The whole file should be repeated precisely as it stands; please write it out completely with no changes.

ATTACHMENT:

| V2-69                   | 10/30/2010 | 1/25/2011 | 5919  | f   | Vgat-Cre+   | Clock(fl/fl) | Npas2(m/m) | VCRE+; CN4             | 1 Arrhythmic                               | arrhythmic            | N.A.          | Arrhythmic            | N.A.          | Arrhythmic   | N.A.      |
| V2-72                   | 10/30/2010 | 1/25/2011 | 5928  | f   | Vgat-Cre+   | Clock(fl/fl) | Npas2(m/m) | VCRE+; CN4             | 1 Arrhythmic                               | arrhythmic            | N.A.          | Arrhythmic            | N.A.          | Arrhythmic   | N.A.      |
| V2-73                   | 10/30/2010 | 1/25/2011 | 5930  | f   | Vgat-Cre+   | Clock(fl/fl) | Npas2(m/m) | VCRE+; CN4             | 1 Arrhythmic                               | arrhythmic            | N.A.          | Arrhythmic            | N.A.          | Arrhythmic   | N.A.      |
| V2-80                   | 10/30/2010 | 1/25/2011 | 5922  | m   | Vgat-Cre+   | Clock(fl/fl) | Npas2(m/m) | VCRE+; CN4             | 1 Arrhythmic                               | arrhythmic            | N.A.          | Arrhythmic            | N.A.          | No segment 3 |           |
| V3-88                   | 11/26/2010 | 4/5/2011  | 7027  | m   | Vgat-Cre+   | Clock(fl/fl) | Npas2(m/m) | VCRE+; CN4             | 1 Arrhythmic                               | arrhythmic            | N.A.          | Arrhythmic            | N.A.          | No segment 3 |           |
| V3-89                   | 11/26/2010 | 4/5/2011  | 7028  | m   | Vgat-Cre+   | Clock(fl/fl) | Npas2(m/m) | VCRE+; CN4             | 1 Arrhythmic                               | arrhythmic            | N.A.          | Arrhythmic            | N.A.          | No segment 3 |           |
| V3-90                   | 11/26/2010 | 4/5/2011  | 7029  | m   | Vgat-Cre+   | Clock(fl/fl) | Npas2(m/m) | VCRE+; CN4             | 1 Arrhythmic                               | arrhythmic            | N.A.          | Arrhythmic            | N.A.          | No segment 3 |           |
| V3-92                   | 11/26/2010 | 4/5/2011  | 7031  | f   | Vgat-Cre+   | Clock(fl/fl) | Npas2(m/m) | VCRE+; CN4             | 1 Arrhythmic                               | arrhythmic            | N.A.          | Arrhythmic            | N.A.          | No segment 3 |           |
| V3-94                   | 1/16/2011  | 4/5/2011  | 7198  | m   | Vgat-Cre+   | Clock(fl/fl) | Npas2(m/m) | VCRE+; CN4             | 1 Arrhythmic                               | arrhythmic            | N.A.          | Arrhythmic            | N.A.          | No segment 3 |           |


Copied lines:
| V2-69                   | 10/30/2010 | 1/25/2011 | 5919  | f   | Vgat-Cre+   | Clock(fl/fl) | Npas2(m/m) | VCRE+; CN4             | 1 Arrhythmic                               | arrhythmic            | N.A.          | Arrhythmic            | N.A.          | Arrhythmic   | N.A.      |
| V2-72                   | 10/30/2010 | 1/25/2011 | 5928  | f   | Vgat-Cre+   | Clock(fl/fl) | Npas2(m/m) | VCRE+; CN4             | 1 Arrhythmic                               | arrhythmic            | N.A.          | Arrhythmic            | N.A.          | Arrhythmic   | N.A.      |
| V2-73                   | 10/30/2010 | 1/25/2011 | 5930  | f   | Vgat-Cre+   | Clock(fl/fl) | Npas2(m/m) | VCRE+; CN4             | 1 Arrhythmic                               | arrhythmic            | N.A.          | Arrhythmic            | N.A.          | Arrhythmic   | N.A.      |
| V2-80                   | 10/30/2010 | 1/25/2011 | 5922  | m   | Vgat-Cre+   | Clock(fl/fl) | Npas2(m/m) | VCRE+; CN4             | 1 Arrhythmic                               | arrhythmic            | N.A.          | Arrhythmic            | N.A.          | No segment 3 |           |
| V3-88                   | 11/26/2010 | 4/5/2011  | 7027  | m   | Vgat-Cre+   | Clock(fl/fl) | Npas2(m/m) | VCRE+; CN4             | 1 Arrhythmic                               | arrhythmic            | N.A.          | Arrhythmic            | N.A.          | No segment 3 |           |
| V3-89                   | 11/26/2010 | 4/5/2011  | 7028  | m   | Vgat-Cre+   | Clock(fl/fl) | Npas2(m/m) | VCRE+; CN4             | 1 Arrhythmic                               | arrhythmic            | N.A.          | Arrhythmic            | N.A.          | No segment 3 |           |
| V3-90                   | 11/26/2010 | 4/5/2011  | 7029  | m   | Vgat-Cre+   | Clock(fl/fl) | Npas2(m/m) | VCRE+; CN4             | 1 Arrhythmic                               | arrhythmic            | N.A.          | Arrhythmic            | N.A.          | No segment 3 |           |
| V3-92                   | 11/26/2010 | 4/5/2011  | 7031  | f   | Vgat-Cre+   | Clock(fl/fl) | Npas2(m/m) | VCRE+; CN4             | 1 Arrhythmic                               | arrhythmic            | N.A.          | Arrhythmic            | N.A.          | No segment 3 |           |
| V3-94                   | 1/16/2011  | 4/5/2011  | 7198  | m   | Vgat-Cre+   | Clock(fl/fl) | Npas2(m/m) | VCRE+; CN4             | 1 Arrhythmic                               | arrhythmic            | N.A.          | Arrhythmic            | N.A.          | No segment 3 |           |